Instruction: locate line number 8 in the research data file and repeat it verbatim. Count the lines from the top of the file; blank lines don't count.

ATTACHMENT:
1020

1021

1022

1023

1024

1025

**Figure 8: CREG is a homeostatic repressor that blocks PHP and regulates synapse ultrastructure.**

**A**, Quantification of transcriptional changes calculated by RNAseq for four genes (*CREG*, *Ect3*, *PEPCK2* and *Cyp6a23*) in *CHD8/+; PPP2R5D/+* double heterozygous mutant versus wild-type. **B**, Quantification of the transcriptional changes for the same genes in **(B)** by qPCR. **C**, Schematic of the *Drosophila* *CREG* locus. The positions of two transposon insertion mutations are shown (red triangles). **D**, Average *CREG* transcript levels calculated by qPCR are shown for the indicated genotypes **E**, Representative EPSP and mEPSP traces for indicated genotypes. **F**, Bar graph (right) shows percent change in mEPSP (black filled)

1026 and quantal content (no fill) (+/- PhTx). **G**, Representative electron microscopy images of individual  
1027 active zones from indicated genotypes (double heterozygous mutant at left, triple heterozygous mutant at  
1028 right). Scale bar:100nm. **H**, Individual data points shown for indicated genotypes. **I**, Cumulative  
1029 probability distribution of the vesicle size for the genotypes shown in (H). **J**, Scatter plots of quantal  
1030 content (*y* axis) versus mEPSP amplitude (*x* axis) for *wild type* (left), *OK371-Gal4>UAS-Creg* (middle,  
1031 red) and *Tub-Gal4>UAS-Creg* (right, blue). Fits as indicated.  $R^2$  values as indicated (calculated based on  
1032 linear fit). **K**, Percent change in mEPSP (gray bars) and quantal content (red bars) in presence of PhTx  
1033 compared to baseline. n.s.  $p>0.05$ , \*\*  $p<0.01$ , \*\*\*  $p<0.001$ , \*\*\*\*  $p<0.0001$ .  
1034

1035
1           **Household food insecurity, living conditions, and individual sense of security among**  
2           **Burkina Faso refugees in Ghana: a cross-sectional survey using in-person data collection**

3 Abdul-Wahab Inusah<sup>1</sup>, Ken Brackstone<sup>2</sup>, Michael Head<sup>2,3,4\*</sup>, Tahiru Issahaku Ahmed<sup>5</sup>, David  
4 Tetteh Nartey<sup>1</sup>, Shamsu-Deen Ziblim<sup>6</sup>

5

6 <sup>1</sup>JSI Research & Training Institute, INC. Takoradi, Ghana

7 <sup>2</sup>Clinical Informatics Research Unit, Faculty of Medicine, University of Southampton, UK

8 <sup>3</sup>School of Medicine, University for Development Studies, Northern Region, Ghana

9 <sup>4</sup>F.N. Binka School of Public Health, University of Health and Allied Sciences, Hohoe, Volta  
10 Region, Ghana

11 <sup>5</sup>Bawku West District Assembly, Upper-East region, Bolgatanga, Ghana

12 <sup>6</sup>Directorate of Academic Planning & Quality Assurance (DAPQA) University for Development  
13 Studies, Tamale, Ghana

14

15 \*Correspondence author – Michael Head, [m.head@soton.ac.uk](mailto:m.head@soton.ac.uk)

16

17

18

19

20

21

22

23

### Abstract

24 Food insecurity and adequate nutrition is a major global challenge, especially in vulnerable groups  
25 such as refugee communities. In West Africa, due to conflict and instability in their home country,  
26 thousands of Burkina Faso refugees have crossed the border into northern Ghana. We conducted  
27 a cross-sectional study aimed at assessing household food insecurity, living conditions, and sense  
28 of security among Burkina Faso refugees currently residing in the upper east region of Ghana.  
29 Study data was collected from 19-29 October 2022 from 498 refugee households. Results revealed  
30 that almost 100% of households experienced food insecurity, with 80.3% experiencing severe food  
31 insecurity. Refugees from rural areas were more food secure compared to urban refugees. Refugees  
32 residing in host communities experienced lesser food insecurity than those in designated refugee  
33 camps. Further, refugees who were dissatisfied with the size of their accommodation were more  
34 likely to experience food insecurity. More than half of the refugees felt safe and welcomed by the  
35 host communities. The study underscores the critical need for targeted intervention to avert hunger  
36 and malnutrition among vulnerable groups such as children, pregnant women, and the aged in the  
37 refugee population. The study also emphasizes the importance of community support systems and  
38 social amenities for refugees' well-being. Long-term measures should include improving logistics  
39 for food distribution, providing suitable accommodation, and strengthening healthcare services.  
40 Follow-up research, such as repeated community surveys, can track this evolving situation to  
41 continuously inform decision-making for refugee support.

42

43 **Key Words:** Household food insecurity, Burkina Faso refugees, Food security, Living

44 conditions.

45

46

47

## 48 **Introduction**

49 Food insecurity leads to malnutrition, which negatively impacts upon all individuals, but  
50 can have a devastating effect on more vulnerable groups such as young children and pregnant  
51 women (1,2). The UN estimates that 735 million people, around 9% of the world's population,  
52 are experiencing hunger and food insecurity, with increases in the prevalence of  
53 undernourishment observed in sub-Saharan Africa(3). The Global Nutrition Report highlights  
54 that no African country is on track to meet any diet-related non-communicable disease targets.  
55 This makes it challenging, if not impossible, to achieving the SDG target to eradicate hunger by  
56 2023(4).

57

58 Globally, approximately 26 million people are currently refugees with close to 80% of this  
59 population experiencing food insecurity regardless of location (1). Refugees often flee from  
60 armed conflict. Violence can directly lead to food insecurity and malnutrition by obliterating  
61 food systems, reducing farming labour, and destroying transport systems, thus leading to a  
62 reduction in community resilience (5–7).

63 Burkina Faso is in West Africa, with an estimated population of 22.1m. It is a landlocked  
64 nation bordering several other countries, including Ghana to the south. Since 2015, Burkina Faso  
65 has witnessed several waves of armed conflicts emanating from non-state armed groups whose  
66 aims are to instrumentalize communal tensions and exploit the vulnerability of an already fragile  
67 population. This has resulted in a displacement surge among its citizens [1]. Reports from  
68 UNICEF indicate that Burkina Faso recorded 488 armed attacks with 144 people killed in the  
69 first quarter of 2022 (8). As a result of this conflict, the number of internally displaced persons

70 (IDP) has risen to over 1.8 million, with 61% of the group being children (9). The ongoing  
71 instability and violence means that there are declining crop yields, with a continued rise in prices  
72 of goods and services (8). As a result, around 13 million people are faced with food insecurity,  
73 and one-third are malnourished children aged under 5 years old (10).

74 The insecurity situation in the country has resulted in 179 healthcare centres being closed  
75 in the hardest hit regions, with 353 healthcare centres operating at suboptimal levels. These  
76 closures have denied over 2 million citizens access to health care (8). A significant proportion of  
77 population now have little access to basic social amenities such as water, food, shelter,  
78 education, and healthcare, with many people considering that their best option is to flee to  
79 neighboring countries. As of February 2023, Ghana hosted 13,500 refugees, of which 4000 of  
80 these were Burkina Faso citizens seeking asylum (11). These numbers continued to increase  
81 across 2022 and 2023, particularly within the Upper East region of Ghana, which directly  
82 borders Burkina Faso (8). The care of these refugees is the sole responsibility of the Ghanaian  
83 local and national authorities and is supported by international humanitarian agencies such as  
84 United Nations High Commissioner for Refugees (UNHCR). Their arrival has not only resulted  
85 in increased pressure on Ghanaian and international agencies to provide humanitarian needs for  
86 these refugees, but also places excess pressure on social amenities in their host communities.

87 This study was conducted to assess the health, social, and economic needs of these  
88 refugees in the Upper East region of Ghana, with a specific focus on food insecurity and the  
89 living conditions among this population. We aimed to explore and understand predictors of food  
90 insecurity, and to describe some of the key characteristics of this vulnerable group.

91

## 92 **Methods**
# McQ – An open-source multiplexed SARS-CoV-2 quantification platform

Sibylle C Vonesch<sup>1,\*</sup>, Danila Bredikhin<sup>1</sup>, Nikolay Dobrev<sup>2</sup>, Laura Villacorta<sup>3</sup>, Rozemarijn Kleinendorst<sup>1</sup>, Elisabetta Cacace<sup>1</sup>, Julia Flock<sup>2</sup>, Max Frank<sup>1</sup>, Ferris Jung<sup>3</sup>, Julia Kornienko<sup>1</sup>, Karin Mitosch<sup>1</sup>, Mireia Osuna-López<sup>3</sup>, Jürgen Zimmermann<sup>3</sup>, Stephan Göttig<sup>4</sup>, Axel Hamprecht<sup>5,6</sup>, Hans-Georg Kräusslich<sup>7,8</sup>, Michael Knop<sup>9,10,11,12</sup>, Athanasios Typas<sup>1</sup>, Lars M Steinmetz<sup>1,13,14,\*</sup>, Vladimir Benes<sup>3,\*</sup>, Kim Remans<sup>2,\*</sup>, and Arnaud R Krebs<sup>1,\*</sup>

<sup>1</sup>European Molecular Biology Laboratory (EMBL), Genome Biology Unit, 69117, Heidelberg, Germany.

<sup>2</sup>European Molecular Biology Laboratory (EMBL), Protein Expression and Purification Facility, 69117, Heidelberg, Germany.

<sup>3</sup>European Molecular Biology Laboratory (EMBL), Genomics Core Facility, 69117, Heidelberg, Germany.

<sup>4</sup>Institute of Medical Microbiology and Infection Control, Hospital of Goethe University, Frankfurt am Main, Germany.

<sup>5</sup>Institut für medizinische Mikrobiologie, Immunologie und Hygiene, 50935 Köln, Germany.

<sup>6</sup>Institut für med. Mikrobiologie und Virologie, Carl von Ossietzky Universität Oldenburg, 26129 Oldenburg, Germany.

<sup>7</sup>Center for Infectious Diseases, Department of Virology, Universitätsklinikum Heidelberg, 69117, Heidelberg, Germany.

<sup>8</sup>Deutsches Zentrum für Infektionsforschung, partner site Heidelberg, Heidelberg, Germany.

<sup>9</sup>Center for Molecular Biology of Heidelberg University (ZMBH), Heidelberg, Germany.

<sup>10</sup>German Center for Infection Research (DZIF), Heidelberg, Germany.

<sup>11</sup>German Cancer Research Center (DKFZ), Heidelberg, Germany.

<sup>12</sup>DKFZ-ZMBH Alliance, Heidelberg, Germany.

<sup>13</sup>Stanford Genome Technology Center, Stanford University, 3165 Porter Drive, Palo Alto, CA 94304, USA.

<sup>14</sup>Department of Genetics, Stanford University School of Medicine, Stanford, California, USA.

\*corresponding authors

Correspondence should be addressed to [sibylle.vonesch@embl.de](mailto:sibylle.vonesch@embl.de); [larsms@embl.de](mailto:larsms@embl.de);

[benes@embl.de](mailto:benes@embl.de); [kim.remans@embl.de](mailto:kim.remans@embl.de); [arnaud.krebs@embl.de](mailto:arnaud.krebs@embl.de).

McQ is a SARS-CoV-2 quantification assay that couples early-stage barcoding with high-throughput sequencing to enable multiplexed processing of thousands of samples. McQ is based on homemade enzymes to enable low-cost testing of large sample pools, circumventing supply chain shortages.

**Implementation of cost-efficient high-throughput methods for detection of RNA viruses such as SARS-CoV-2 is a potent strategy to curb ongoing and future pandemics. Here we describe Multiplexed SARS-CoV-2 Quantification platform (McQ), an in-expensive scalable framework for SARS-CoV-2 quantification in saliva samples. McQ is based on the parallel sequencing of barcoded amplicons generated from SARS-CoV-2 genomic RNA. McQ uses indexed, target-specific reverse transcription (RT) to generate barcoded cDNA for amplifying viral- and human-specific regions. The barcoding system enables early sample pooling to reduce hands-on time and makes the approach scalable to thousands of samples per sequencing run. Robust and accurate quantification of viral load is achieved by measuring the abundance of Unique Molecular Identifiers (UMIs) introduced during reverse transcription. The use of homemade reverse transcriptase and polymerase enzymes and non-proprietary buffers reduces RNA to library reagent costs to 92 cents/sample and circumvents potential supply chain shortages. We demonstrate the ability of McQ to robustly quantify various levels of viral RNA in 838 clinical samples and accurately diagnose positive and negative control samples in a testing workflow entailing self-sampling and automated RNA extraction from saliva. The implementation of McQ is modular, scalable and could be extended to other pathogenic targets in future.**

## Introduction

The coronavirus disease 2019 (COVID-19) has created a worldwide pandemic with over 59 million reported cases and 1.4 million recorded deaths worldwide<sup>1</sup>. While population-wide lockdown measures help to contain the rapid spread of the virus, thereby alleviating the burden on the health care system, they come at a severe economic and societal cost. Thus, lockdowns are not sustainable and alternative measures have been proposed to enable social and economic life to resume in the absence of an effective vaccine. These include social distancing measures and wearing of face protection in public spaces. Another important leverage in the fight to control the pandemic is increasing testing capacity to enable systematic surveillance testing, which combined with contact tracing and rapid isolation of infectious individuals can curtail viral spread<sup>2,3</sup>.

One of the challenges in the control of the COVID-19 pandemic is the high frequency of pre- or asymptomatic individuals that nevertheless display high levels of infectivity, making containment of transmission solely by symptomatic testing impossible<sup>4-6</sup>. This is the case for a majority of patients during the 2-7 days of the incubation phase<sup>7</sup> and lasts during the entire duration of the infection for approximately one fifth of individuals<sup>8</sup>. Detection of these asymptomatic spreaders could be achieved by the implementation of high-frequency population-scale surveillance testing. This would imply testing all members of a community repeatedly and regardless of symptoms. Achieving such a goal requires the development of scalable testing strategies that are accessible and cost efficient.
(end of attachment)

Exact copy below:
**A**, Quantification of transcriptional changes calculated by RNAseq for four genes (*CREG*, *Ect3*, *PEPCK2* and *Cyp6a23*) in *CHD8/+; PPP2R5D/+* double heterozygous mutant versus wild-type. **B**, Quantification of the transcriptional changes for the same genes in **(B)** by qPCR. **C**, Schematic of the *Drosophila* *CREG* locus. The positions of two transposon insertion mutations are shown (red triangles). **D**, Average *CREG* transcript levels calculated by qPCR are shown for the indicated genotypes **E**, Representative EPSP and mEPSP traces for indicated genotypes. **F**, Bar graph (right) shows percent change in mEPSP (black filled)